This site has limited support for your browser. We recommend switching to Edge, Chrome, Safari, or Firefox.

Christmas Sale: All Items are Free Shipping; Buy 2 Items Offer 15% Discount.

Shopping Cart

Your cart is empty

Continue Shopping

Ready-to-Drink (RTD) Teas

In 1992, the American tea industry launched its first ready-to-drink (RTD) teas. The major tea companies joined up with large soft drinks manufacturers to create a range of tea-based drinks, some carbonated, some still, some with additional flavorings (such as lemon, raspberry, or peach), some containing just tea, some sweetened, others not, in bottles and in cans. These are now readily available in supermarkets and small retail stores throughout the U.S., the U.K., and Europe. Some do taste of tea, others (particularly the carbonated varieties) taste only of sugar and lemon and bear very little resemblance to the beverage that connoisseurs know and love.

In the U.S., where iced tea has always been more popular than hot tea, these trendy convenience drinks appeal to the younger consumer.

In Japan, street vending machines and supermarkets offer an even wider variety of canned ready-to-drink teas - hot or cold, green or black, with or without milk, fruit flavored or plain, sweetened or unsweetened, tea from Darjeeling or Assam - and Japanese manufacturers seem to have managed to produce a high quality product that appeals to a wide market.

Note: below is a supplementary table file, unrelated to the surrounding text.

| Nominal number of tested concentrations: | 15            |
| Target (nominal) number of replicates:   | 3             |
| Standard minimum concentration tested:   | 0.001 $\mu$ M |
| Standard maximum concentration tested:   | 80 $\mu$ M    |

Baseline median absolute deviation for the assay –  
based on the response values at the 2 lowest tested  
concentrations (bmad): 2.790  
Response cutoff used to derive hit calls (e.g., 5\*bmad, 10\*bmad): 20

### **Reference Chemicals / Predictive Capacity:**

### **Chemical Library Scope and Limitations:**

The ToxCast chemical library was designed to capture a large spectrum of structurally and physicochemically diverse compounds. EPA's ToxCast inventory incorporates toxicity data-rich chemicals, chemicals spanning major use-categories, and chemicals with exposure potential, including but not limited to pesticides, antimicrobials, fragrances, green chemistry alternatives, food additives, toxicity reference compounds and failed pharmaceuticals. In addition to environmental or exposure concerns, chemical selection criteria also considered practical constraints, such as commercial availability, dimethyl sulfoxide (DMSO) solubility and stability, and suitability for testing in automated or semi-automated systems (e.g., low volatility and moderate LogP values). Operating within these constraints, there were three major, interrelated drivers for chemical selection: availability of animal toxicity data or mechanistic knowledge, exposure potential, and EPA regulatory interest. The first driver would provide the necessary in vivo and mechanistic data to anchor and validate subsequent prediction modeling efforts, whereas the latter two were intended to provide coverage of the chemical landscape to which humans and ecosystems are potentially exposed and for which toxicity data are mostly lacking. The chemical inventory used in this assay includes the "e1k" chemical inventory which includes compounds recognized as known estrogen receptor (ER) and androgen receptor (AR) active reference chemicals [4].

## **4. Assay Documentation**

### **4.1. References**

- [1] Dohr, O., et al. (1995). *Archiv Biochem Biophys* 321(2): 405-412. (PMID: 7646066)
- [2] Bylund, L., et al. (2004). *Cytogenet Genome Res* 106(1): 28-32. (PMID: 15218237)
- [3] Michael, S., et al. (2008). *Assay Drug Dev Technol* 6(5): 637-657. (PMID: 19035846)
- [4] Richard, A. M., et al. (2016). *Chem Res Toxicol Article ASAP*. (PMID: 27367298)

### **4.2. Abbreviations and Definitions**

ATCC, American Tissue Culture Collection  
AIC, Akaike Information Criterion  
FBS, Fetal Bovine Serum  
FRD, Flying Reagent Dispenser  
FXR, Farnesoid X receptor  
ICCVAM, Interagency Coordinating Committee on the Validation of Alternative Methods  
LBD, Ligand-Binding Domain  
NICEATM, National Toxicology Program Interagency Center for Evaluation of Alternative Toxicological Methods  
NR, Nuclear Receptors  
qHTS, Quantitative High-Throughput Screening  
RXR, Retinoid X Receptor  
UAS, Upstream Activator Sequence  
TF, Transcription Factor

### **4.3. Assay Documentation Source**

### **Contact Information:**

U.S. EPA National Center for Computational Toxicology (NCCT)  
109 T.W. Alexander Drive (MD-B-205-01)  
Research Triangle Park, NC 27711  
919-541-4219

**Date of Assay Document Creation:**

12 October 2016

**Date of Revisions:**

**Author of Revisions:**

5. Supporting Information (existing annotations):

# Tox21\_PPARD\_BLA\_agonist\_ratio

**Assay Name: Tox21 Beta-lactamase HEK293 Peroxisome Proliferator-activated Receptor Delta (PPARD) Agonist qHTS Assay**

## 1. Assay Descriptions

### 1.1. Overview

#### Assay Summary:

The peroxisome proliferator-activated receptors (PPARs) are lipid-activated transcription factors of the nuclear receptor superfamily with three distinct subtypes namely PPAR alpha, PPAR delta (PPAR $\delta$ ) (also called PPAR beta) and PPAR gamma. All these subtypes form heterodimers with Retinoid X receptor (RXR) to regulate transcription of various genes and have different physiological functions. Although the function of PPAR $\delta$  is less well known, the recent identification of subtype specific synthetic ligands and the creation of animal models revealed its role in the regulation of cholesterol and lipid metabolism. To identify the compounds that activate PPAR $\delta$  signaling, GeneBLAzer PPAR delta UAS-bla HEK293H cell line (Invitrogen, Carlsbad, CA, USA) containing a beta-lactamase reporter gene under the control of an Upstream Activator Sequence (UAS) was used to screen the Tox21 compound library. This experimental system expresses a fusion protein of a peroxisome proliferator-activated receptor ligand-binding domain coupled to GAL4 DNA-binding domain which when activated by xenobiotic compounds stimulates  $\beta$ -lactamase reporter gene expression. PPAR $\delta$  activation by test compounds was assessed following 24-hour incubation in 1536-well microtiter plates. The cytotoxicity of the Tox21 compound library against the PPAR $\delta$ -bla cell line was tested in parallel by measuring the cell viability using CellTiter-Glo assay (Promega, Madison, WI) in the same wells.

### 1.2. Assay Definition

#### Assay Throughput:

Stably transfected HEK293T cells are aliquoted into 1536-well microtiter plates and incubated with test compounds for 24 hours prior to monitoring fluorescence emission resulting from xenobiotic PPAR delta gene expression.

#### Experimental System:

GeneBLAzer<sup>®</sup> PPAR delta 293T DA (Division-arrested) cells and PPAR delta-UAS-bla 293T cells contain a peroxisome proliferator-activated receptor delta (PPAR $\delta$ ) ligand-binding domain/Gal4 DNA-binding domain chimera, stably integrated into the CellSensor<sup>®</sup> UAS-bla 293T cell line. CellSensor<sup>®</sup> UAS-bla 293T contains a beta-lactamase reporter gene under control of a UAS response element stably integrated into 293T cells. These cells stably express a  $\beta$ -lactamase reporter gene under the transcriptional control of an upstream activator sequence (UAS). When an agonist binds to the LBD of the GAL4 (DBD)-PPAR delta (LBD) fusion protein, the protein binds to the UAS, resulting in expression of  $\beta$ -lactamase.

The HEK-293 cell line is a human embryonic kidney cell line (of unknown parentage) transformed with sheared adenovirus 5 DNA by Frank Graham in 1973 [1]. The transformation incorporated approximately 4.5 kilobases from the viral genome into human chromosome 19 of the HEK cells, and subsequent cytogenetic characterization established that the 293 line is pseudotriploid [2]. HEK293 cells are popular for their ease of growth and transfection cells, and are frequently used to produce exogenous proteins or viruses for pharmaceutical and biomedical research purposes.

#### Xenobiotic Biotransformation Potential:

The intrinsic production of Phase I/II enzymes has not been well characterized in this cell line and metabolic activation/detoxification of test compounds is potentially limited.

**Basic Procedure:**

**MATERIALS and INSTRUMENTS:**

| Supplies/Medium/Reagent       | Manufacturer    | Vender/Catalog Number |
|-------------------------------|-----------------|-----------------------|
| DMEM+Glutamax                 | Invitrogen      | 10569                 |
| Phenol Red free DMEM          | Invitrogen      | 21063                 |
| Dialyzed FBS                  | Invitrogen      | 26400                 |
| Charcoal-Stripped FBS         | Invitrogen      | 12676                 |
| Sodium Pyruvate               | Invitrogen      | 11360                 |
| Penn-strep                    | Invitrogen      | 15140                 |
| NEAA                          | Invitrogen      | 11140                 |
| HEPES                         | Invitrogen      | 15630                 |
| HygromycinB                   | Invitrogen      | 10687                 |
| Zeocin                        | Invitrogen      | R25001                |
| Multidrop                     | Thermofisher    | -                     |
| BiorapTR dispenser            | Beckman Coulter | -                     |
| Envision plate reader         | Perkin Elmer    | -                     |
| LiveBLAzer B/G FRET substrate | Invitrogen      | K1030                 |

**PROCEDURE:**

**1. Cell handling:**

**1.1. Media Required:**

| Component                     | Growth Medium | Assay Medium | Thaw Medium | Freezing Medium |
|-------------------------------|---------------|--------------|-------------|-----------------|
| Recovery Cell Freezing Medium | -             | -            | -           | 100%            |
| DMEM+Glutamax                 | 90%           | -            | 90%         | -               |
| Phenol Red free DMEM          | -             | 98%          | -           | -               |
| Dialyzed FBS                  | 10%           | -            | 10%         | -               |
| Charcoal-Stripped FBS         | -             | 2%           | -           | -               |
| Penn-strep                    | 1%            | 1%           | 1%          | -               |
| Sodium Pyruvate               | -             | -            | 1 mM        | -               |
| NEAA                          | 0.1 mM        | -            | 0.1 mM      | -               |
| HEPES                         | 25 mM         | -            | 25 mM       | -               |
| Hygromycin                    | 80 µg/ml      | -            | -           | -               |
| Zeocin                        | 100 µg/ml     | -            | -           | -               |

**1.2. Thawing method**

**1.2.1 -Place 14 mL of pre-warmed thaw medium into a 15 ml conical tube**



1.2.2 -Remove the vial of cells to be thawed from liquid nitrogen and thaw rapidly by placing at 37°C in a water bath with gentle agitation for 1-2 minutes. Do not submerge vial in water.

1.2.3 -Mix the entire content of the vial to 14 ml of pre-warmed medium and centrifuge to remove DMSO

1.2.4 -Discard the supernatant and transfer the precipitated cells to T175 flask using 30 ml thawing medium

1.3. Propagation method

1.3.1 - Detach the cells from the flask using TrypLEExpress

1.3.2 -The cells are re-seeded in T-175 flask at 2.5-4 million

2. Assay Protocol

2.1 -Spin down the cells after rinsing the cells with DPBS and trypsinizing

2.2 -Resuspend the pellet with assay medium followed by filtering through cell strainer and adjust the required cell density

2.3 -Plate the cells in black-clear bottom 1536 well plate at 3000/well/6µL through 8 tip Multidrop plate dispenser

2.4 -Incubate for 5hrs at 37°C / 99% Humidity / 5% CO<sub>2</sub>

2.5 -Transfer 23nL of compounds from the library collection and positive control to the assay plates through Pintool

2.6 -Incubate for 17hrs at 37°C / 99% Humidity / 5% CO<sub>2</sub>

Iced Tea

The idea of drinking iced tea originated at the St Louis World Trade Fair in 1904. Most of the tea drunk in the U.S. in those days was green tea from China and, in an attempt to popularize black Indian teas, a group of Indian tea producers organized a special tea pavilion staffed by Indians who offered cups of hot tea under the supervision of an Englishman by the name of Richard Blechynden.

Temperatures during the fair soared and, although the British had always recognized hot tea's thirst-quenching qualities, on very hot days, the Americans totally ignored the brew and went in search of cold drinks. In a brave effort to sell his product, Blechynden packed ice cubes into glasses and poured the tea over. As word got around, customers started lining up to buy the perfect cooling beverage. So, iced tea was born and by 1992, the U.S. was consuming between 1.6 and 1.8 billion glasses of iced tea per year. More than 80 percent of all tea consumed in the U.S. is served over ice and almost 80 percent of American households drink iced tea. However, it has never caught on in Britain, and is only consumed in small amounts on extremely hot days in summer, laced with lemon and mint or borage.

To brew iced tea, choose a Ceylon or a China Keemun tea. Allow double the amount of tea normally used and brew as usual in a teapot Strain and sweeten to taste. Fill a glass with a lot of ice and pour the hot tea over. Add a few bruised mint leaves or borage flowers and a slice of lemon or orange, then serve.

Alternatively, brew the double-strength tea, strain, sweeten, and chill in the refrigerator for several hours or overnight, then serve over ice and garnish as before.